On April 6, The Bulletin ran a front-page story about Arnold Irrigation District applying for a $48 million grant to pipe its main canals and subsequently wrote an editorial in support of this. AID would join other local irrigation districts in efforts to conserve water, much of which will be returned to the Deschutes River. For decades, the upper and middle Deschutes has suffered from de-watering, and efforts to return water to the river are to be applauded. This is only part of the story, however.
About 100 years ago, in an attempt to attract farmers to the wilderness of Central Oregon, water rights were granted to local irrigation districts to divert local rivers into the High Desert. Irrigators now have rights to 90% of the Upper Deschutes. Note that water rights, not water ownership, were granted. Oregon law states that the public owns all water. Irrigation districts and others have rights to the water, but only if it is beneficially used for the public trust without waste.
Water is becoming increasingly scarce throughout the West as droughts have become more frequent, groundwater pumping has lowered water tables, and rivers have been drained. Shortages are predicted to intensify as the climate continues to heat.
For almost a decade, much of Oregon has been in an extended drought. As of April 2, according to the U.S. Drought Monitor, the recent series of storms in Central Oregon have lessened our drought from extreme to moderate, but it will take much more snow to return moisture to the ground and replenish our aquifers. Note that a large snowpack with a cool spring and summer are required to slowly release water and maintain constant flows. The rain on snow events we are having are not helpful.
Last summer, local reservoirs began irrigation season full but were emptied by withdrawals as lack of adequate snowpack did not replenish them through the summer. Wickiup was drained, which could occur this summer as well. According to another recent story in The Bulletin, farmers in North Unit Irrigation District around Madras have been told that anticipated water shortages next summer will require a 25% decrease in water deliveries. At the same time, our growing population will require more and more water.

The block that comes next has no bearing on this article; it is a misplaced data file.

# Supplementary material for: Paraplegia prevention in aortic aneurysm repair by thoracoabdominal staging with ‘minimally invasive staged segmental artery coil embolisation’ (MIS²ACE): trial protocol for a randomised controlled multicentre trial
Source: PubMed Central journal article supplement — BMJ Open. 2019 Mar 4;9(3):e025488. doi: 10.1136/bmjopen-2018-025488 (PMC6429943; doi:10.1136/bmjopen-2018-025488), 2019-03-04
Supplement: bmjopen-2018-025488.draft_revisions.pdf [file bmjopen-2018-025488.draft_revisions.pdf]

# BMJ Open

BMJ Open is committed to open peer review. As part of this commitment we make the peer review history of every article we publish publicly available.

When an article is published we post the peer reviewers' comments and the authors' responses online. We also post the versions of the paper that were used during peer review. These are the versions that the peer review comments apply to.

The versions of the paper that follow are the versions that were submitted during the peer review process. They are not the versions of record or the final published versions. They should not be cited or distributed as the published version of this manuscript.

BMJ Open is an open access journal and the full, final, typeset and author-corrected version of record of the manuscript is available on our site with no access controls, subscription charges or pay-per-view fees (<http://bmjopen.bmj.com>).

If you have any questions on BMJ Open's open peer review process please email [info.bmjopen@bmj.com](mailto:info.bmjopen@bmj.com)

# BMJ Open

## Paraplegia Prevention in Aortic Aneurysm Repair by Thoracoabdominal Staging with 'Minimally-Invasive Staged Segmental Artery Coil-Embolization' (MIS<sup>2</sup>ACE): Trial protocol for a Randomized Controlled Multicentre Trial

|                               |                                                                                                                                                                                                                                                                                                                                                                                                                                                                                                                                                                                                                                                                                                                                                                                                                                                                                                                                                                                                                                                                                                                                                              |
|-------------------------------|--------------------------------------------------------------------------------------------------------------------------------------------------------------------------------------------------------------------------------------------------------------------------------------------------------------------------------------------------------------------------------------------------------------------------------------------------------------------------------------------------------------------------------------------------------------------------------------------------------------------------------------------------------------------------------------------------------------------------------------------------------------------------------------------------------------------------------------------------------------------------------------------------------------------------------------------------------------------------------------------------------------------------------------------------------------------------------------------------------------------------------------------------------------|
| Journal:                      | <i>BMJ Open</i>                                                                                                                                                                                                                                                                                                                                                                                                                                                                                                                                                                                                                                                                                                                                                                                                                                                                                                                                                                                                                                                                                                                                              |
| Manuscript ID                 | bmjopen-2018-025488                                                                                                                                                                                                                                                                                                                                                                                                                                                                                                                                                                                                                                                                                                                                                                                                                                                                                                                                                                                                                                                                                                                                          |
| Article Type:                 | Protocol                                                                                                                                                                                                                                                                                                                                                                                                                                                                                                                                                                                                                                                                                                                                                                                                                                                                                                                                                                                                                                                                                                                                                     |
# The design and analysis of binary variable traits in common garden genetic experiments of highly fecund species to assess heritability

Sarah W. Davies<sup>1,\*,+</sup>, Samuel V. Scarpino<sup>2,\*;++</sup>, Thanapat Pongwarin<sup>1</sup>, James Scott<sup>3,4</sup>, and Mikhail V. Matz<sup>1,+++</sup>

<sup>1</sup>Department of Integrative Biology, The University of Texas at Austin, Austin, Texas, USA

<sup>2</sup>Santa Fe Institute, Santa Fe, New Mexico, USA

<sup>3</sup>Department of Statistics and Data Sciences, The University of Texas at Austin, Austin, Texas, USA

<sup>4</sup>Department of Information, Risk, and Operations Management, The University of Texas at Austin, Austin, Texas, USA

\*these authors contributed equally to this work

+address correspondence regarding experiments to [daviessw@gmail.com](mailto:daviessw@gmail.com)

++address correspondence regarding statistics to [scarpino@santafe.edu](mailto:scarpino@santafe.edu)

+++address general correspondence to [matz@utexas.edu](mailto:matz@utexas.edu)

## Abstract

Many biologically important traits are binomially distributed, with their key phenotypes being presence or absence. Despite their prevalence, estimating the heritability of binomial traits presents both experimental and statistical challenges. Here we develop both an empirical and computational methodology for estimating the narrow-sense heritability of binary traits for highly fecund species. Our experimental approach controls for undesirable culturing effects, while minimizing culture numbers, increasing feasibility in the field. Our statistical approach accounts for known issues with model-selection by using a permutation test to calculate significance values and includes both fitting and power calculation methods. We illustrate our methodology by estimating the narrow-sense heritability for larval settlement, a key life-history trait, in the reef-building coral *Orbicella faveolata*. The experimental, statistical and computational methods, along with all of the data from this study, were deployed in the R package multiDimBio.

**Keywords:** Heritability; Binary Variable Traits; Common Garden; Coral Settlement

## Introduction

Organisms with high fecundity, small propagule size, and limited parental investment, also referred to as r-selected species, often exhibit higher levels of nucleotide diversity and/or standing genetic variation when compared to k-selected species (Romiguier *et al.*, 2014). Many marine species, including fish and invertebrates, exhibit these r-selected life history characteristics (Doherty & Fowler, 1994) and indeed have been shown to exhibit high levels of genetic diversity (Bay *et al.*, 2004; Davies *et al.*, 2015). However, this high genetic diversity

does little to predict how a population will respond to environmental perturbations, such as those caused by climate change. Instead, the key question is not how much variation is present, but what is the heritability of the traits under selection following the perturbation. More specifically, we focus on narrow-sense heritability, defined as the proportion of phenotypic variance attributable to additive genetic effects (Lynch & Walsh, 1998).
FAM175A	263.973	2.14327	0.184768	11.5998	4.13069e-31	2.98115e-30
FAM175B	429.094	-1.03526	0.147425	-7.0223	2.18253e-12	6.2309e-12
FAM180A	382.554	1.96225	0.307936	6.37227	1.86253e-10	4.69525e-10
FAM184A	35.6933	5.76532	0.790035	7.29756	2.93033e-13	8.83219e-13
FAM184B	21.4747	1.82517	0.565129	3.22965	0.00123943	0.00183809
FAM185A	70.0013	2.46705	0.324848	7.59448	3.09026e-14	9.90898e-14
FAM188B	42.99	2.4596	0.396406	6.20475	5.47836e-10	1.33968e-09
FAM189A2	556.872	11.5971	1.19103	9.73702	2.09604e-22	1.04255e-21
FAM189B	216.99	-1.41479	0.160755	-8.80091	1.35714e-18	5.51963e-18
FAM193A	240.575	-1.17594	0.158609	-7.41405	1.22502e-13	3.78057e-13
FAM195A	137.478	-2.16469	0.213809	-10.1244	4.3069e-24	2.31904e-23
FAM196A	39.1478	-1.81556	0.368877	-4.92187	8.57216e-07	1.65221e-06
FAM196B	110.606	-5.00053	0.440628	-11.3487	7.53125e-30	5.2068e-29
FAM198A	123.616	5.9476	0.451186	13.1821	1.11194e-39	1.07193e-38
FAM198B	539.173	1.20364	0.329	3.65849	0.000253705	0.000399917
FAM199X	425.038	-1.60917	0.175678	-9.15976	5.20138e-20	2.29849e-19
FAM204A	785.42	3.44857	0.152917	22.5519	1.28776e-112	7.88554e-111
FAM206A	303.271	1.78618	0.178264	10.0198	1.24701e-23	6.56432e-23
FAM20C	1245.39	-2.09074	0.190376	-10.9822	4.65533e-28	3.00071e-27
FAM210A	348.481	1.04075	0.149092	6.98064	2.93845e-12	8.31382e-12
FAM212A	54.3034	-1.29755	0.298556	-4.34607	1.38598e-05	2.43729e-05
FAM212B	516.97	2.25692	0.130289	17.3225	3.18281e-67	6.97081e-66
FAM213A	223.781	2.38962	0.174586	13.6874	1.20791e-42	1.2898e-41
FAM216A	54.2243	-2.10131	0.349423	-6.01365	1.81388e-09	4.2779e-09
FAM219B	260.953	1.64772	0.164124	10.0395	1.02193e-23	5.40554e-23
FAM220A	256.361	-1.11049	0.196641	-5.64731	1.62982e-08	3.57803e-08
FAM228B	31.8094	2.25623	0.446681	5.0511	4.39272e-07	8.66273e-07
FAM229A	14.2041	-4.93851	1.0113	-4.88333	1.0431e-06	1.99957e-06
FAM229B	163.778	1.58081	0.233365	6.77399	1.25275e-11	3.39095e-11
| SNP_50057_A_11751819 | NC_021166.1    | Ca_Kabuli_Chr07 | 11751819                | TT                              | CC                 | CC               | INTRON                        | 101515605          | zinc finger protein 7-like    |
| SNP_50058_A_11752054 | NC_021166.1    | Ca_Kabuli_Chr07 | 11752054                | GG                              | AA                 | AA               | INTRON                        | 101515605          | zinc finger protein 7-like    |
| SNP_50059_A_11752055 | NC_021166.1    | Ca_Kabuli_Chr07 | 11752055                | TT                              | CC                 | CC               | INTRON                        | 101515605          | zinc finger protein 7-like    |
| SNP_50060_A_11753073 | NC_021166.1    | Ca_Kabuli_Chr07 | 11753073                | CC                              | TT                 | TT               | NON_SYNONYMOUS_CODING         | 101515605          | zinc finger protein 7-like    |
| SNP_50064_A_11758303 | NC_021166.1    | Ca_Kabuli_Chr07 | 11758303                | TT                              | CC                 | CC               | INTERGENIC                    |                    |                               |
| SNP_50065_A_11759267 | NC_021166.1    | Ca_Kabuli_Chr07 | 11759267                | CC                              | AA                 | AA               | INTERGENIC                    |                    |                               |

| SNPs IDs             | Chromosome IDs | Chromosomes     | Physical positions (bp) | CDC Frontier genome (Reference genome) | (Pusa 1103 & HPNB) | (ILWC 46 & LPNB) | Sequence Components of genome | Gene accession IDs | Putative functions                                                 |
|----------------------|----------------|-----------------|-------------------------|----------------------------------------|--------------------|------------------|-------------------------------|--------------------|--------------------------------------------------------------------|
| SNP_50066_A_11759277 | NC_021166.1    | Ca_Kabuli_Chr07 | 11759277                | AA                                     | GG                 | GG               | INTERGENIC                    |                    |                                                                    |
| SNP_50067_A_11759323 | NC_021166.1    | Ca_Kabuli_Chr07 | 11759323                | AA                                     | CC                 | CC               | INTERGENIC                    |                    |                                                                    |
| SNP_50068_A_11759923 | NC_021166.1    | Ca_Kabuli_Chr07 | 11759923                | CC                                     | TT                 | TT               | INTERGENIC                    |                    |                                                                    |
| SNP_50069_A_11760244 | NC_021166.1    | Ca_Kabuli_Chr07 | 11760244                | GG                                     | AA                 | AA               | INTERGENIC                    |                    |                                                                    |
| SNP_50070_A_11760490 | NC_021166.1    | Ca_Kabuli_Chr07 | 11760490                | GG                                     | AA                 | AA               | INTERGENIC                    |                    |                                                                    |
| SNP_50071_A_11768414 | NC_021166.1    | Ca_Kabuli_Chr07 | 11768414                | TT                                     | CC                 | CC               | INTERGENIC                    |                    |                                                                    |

Water supplies have been overappropriated and mismanaged for decades; I believe it is time to tackle this issue with urgency and reform antiquated laws, regulations and practices. We could begin by charging for water. It is important to understand that irrigators profit from but do not pay the public for water. Free water leads to inefficient use. Charging a fair market rate would eliminate countless wasteful practices and drive conservation via upgraded on-farm delivery systems. Variable rates could be established based on type of use: municipal, high-value agriculture, industrial, etc. Payments could be used for a range of conservation efforts.
Simple market economics can work. The recently concluded Basin Study Work Group showed that on-farm conservation and efficiency approaches driven by economic self-interest can be implemented more quickly, at far less cost, than massive taxpayer-subsidized infrastructure projects.
Water use should be measured. Shockingly, this is not done today. Definitions also need clarification. A water right holder can maintain that right by “beneficially” using water without “waste,” but these terms are not defined in a way commiserate with the public trust. Beneficial use can be satisfied by simply watering the ground. Watering a large lawn or even weeds is considered of equal value to growing food, providing drinking water or keeping rivers healthy. Finally, water right holders should be able to surrender those rights and return water to rivers, lakes and aquifers. Irrigation district policies largely block this.
Water is a basic element required by all of us and the ecosystems we cherish and rely on. There is enough water when properly managed. By itself, piping irrigation districts’ main canals is not sufficient.
— Yancy Lind lives in Bend.